Our first day took us a few kilometres downstream, leaving haphazard agricultural areas radiating out from Tungane Village, then entering the Mwambesi Forest Reserve. By evening we had found an exposed sand bar, a feature that would become a regular favourite campsite on our trip. The distinctive tracks of the African clawless otter were found and we had already recorded two of our target bird species, the rock pratincole and the white-fronted sandplover. While these small victories buoyed us, the dark storm clouds quickening in the west cast a very real cloud over our plans for the next day. If it rained heavily what would that do to the water levels and would it make sections of the river ahead impassable?

As dawn broke on day two, the grey clouds were still there and a fine drizzle had started to fall. We decided there was nothing to do but push on, and although the morning was quietly passed paddling in light rain, by lunch the skies had cleared and the sun was out, a state of affairs we enjoyed for the next eight days. By late morning we encountered our first real rapids, an area of rocky cascades and wooded islands that required us to carry and float the canoes through the foaming waterways. Due to our need for eight days worth of supplies, and our expectation of long stretches with very shallow water, our canoes were open-topped Canadian “Trapper” style. This meant they were not equipped to ride out areas of water that had the potential to spill over the canoe’s edge. With a full load, this further limited their ability to run white-water since they sat low in the water. But our second day proved an excellent testing period as we began to appreciate the limits of their performance in various water conditions along the Ruvuma.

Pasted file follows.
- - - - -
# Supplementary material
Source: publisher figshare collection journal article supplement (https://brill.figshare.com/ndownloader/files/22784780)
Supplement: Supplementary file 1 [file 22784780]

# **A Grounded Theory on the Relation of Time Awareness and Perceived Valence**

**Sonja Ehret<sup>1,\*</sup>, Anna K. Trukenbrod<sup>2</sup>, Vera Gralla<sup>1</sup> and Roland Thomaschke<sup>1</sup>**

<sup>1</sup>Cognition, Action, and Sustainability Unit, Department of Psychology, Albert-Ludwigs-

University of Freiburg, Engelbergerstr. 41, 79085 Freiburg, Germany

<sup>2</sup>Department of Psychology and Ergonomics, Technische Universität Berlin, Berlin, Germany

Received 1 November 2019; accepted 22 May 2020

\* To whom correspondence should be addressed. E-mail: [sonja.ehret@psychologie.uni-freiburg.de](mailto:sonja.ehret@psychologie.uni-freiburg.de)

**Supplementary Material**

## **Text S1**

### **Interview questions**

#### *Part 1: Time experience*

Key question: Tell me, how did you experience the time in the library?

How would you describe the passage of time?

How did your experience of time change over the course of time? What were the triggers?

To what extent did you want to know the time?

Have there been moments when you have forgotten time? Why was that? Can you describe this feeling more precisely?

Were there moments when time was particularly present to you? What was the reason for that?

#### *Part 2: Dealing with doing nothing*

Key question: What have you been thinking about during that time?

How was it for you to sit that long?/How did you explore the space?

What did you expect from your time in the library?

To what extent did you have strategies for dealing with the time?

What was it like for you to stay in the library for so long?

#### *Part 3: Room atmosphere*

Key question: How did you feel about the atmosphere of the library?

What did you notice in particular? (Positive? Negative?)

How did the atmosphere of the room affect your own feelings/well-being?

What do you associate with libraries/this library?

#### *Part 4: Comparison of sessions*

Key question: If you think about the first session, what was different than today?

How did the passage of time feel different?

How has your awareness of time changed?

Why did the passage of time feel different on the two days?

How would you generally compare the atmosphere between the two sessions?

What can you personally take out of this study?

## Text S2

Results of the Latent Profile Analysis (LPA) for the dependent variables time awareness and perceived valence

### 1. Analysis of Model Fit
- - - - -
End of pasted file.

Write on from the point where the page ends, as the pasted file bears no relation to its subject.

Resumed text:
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After tumbling down through the Sunda Rapid, the river carves a narrow channel through basalt baserock. © Schachenmann & Soresina

The Anvil of the Sun